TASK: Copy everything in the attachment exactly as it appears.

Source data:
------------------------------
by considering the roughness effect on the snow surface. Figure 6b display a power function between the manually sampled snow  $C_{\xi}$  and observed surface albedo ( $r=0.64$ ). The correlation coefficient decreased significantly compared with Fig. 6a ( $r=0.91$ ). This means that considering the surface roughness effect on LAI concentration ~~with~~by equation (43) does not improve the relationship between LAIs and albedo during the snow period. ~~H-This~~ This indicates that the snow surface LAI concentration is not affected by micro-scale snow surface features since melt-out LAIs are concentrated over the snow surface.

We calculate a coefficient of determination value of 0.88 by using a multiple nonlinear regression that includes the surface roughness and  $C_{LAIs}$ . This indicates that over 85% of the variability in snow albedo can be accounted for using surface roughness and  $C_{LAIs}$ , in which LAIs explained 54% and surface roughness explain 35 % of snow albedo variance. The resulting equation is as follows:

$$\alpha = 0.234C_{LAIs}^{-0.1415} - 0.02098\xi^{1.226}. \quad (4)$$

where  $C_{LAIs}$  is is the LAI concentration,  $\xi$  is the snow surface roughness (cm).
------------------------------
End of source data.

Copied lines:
by considering the roughness effect on the snow surface. Figure 6b display a power function between the manually sampled snow  $C_{\xi}$  and observed surface albedo ( $r=0.64$ ). The correlation coefficient decreased significantly compared with Fig. 6a ( $r=0.91$ ). This means that considering the surface roughness effect on LAI concentration ~~with~~by equation (43) does not improve the relationship between LAIs and albedo during the snow period. ~~H-This~~ This indicates that the snow surface LAI concentration is not affected by micro-scale snow surface features since melt-out LAIs are concentrated over the snow surface.

We calculate a coefficient of determination value of 0.88 by using a multiple nonlinear regression that includes the surface roughness and  $C_{LAIs}$ . This indicates that over 85% of the variability in snow albedo can be accounted for using surface roughness and  $C_{LAIs}$ , in which LAIs explained 54% and surface roughness explain 35 % of snow albedo variance. The resulting equation is as follows:

$$\alpha = 0.234C_{LAIs}^{-0.1415} - 0.02098\xi^{1.226}. \quad (4)$$

where  $C_{LAIs}$  is is the LAI concentration,  $\xi$  is the snow surface roughness (cm).